Working Papers

Factors Influencing Grocery Retailers’ Support of Trade Promotions

Jan 1, 1986

Subject
Sales promotions to the trade.

Type of Report
Findings from field research.

Objective
To determine what criteria buyers use to evaluate trade promotion offers and which of these decision variables best explain buyers’ acceptance of a deal and the store’s performance in support of a deal.

Method
Collected data on 150 trade deals offered to five large grocery retailers in a major metropolitan market during a six-week period; used factor analysis to reduce the set of 30 subjective and objective measures to 8 composite factors that were used in discriminant analyses to predict retailers’ deal acceptance and promotional performance.

Findings

  • The set of eight trade support factors–labeled item importance, promotion elasticity, manufacturer brand support, manufacturer reputation, promotion wearout, sales velocity, item profitability, and incentive amount–successfully predicted acceptance.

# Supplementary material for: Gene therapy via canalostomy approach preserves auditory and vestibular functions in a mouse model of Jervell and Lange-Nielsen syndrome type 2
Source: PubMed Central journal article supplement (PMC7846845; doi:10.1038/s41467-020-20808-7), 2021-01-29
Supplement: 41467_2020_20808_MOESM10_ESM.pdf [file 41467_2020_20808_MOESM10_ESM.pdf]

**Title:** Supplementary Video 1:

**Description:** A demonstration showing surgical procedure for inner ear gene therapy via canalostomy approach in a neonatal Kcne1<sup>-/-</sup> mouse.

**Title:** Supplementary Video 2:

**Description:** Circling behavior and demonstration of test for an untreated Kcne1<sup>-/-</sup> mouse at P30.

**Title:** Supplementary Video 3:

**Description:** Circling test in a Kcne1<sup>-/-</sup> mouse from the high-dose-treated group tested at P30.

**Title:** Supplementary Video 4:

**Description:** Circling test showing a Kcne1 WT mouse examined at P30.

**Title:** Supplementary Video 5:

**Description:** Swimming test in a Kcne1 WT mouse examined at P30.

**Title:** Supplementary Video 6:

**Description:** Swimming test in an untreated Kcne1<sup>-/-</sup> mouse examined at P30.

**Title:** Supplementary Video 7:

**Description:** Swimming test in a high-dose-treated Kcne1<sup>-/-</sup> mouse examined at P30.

• The four most important factors influencing acceptance were item importance, item profitability, incentive amount, and manufacturer reputation. Item importance comprises the consumer appeal of the promoted item, its responsiveness to promotion, and the likelihood of competitive retailer promotions. The second two factors represent the economics of the deal, while manufacturer reputation includes product quality and the manufacturer’s reliability and responsiveness.
  • The most important factors influencing performance were item profitability, manufacturer reputation, item importance, and promotion elasticity. However, only six of the eight factors entered the analysis and the relationship, although significant, was weaker than with acceptance.
  • The gap found between acceptance of a promotion and retail performance may occur because performance is ultimately determined by one or more trade decision makers in addition to the buyer. This suggests that packaged goods companies should view trade decision making as a cooperative process rather than viewing the buyer, or buying committee, as the sole decider.

Target Audience/Applicability
Promotion managers

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